How Should I Prepare?
There are things you can do to make your experience more comfortable, and many of these will depend on your individual preferences. You might like to keep a list of questions or — as you’re doing now — educate yourself about the procedure.
Another important part of your preparation will be guided by your doctor:
- Your doctor may ask you to stop taking aspirin, non-steroidal anti-inflammatory drugs (NSAIDS), or blood thinners (such as Coumadin or warfarin) for a time before the procedure.
Some of your preparation will need to be timed to the procedure:
- The day before the procedure (or the Friday before, if you're scheduled for a Monday procedure), a nurse from the Interventional Radiology Department will call you. The nurse will give you any additional instructions, and will ask if you have any questions.
- When you arrive, make sure the nurse and radiologist know about any allergies you may have, especially allergies to local anesthetics (such as lidocaine), or contrast material).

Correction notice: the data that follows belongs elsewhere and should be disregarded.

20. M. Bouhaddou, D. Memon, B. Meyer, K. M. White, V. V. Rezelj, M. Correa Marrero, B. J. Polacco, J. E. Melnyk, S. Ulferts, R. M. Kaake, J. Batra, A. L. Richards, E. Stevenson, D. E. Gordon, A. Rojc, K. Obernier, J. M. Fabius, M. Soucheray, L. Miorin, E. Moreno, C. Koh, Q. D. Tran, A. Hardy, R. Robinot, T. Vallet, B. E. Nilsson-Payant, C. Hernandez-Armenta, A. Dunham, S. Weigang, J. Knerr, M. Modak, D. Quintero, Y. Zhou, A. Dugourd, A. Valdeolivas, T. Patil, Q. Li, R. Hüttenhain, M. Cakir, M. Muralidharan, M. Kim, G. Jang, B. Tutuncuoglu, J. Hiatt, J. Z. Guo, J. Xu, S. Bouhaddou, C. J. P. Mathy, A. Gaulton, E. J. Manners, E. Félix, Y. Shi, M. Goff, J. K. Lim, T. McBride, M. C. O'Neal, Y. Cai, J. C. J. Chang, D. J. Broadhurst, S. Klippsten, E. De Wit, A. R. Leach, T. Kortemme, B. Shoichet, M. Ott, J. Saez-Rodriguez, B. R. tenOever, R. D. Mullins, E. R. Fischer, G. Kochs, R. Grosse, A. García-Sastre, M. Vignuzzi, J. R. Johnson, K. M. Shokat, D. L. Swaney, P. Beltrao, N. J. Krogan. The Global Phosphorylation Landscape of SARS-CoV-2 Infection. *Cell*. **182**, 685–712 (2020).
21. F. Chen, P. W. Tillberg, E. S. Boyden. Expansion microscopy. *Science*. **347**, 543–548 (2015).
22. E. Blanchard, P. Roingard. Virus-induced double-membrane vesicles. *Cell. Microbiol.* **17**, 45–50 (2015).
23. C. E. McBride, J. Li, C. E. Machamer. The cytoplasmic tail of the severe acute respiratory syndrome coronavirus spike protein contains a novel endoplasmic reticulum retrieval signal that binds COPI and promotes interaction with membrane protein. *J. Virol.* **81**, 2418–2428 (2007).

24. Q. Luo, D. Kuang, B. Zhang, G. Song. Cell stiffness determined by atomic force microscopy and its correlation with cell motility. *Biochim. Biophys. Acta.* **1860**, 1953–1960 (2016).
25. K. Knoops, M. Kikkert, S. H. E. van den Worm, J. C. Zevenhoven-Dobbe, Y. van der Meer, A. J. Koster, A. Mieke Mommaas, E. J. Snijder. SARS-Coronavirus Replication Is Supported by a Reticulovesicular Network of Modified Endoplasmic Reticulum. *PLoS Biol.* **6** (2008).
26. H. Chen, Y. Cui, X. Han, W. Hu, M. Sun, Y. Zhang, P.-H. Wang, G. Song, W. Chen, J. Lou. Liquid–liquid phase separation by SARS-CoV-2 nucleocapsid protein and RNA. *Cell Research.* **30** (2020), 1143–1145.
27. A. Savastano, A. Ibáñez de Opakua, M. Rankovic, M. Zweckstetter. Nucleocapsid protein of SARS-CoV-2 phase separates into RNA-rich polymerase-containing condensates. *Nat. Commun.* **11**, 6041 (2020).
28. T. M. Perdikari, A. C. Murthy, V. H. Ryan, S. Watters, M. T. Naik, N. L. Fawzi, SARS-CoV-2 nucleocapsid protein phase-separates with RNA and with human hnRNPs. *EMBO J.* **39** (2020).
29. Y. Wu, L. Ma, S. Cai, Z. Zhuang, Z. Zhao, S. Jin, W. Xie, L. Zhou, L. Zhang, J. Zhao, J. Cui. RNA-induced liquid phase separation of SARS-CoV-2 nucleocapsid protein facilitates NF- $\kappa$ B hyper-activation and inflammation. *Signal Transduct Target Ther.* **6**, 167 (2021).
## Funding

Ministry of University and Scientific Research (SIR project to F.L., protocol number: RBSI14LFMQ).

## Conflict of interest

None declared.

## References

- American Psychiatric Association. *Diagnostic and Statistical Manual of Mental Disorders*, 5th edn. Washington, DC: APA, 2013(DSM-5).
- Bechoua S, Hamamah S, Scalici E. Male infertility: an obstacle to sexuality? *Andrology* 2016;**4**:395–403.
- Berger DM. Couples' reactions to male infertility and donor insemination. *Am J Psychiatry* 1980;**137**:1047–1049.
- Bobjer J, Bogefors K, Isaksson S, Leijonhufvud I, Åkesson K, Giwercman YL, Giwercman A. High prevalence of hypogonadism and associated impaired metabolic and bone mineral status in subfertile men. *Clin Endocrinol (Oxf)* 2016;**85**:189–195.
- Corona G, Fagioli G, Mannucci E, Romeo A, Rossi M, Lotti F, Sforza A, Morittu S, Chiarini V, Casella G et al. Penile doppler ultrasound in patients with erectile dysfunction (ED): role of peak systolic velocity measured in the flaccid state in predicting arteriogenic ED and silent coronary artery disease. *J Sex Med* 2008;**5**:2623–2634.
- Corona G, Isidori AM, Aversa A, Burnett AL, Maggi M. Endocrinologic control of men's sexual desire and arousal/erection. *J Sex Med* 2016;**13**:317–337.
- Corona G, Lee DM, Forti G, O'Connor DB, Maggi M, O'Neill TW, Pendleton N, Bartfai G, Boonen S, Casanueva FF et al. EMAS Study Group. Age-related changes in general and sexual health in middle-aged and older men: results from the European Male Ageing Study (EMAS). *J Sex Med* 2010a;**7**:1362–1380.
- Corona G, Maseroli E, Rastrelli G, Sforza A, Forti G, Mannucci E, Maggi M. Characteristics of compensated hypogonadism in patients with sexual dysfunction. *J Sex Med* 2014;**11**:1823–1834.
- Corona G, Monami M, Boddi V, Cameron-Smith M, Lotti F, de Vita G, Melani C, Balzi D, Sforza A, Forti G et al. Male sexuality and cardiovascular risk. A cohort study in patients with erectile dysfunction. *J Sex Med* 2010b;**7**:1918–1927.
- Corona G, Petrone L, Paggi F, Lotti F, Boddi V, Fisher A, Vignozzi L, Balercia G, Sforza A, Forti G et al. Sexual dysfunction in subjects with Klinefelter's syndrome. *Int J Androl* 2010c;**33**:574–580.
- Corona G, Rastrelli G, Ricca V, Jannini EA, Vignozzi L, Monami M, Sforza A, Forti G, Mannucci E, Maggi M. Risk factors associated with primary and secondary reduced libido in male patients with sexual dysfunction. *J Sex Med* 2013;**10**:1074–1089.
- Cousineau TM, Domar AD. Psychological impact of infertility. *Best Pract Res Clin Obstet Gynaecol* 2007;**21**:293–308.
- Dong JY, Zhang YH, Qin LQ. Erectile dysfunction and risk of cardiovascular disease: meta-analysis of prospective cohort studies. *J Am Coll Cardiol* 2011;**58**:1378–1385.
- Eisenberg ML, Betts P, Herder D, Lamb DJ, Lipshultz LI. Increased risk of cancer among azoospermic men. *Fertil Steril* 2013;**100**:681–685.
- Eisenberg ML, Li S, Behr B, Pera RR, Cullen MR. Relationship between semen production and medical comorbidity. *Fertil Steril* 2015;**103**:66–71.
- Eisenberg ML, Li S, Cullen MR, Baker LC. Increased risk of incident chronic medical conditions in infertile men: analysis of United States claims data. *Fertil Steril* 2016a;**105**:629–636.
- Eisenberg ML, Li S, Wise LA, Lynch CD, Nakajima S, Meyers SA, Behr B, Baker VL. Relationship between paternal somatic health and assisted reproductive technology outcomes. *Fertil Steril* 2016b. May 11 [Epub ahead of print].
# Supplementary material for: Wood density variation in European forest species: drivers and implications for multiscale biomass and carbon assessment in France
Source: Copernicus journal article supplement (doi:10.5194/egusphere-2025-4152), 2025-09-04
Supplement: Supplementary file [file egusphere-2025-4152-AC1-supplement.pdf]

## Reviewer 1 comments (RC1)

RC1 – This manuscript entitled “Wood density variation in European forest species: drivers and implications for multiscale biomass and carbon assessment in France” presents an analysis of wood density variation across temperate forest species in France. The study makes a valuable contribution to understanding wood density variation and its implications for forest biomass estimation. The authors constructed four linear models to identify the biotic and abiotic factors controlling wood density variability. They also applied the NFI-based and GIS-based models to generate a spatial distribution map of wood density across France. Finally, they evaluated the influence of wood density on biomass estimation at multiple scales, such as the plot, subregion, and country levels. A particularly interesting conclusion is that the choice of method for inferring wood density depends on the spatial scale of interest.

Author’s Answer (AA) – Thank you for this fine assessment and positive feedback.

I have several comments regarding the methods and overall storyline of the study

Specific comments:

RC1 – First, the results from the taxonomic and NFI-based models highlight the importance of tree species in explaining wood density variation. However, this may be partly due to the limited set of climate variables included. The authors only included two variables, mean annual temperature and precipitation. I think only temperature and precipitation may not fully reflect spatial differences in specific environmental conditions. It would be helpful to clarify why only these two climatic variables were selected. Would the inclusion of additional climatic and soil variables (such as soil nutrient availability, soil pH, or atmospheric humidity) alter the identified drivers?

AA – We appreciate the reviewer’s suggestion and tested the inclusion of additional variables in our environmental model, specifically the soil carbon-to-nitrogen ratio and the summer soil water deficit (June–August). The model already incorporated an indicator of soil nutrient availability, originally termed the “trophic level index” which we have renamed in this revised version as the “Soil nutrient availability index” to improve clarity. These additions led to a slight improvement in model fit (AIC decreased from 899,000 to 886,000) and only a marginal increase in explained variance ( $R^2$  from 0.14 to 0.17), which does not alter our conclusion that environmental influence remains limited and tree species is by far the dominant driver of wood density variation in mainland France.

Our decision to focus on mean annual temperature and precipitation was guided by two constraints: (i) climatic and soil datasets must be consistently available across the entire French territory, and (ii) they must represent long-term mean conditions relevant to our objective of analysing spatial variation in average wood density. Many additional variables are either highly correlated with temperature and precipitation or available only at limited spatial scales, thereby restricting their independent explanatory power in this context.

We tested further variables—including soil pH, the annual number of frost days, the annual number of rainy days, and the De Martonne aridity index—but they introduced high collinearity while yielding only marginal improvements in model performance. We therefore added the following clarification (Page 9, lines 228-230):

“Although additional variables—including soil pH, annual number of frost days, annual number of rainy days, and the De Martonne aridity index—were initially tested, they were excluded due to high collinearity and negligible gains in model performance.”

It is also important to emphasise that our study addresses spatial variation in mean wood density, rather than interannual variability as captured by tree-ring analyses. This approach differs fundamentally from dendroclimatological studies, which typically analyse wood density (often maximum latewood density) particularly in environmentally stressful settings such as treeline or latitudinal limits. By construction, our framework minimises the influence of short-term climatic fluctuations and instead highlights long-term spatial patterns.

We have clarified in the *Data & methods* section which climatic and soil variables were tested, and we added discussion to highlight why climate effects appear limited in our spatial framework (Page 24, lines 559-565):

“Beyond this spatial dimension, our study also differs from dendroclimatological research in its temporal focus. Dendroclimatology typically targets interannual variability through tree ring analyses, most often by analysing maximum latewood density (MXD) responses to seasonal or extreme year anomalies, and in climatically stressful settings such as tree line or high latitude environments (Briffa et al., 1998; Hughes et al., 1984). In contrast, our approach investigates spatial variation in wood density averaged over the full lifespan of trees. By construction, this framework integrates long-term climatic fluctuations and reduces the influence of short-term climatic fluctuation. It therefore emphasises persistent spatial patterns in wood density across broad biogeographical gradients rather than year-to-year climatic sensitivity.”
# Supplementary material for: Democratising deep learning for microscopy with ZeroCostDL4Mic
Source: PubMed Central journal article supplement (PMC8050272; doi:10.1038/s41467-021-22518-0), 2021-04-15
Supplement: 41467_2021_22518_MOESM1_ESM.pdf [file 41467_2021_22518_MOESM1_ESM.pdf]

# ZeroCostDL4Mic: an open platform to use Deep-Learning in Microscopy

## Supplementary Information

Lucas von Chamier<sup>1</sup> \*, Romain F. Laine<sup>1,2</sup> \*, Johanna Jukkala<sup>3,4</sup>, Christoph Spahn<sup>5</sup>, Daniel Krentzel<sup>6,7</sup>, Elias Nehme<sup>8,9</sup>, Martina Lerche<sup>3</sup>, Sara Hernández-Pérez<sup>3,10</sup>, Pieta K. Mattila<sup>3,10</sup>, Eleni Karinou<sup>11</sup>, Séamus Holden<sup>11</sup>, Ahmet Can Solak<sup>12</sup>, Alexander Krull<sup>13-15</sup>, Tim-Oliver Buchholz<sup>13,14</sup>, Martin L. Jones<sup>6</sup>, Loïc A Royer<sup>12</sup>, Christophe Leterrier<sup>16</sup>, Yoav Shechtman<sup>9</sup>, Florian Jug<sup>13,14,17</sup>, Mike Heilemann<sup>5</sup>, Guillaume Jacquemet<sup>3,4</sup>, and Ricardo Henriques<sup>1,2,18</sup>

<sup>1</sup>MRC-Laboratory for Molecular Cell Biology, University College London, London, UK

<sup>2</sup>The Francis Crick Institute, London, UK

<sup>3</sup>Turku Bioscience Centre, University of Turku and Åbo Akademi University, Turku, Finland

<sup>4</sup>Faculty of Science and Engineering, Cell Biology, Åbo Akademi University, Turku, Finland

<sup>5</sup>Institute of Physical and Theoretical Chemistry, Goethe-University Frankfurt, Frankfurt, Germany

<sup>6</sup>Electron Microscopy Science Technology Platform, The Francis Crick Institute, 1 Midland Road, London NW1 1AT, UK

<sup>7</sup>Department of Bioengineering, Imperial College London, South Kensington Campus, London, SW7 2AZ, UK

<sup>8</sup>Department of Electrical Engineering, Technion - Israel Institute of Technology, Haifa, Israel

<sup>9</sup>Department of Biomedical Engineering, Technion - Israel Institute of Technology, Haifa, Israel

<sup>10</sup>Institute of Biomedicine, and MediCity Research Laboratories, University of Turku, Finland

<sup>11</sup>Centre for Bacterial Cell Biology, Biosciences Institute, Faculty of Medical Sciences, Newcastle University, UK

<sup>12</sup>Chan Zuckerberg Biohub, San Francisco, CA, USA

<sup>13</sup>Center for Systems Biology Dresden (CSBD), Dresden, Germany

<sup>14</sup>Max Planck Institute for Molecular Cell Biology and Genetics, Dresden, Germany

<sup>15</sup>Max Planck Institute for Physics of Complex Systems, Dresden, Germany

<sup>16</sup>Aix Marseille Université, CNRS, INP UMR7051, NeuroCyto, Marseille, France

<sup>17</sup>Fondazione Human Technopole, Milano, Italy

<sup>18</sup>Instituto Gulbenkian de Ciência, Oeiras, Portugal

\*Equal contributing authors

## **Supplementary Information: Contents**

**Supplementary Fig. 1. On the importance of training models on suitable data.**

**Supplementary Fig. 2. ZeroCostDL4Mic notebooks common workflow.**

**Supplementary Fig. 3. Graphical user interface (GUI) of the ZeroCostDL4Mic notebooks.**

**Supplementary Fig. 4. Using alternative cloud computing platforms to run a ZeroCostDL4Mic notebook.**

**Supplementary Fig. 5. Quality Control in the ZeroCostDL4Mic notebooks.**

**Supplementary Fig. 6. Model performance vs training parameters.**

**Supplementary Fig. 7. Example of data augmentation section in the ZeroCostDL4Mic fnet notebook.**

- If there's any chance you may be pregnant, tell your radiologist.
What Should I Bring?
You may want to invite a family member or friend to accompany you to your procedure.
Some of the things that you might consider taking include:
- Wear comfortable, loose-fitting clothes
- Wear comfortable shoes
- Avoid bringing jewelry or valuables
What Are the Benefits and Risks?
The benefits of ovarian vein embolization could include:
- The procedure is much less invasive than conventional surgical techniquesand the recovery is faster. Risks you should be aware of include:
- The small chance that the procedure will not be successful in relieving your pain
- Like any catheterization procedure, there is a risk of damage to blood vessels, bruising, bleeding, or infection at the puncture site
- There is a small risk of infection at the site of embolization, even with antibiotics
- Keep in mind that this information is general. Your radiologist is the best source of information about how these risks and benefits may apply to you.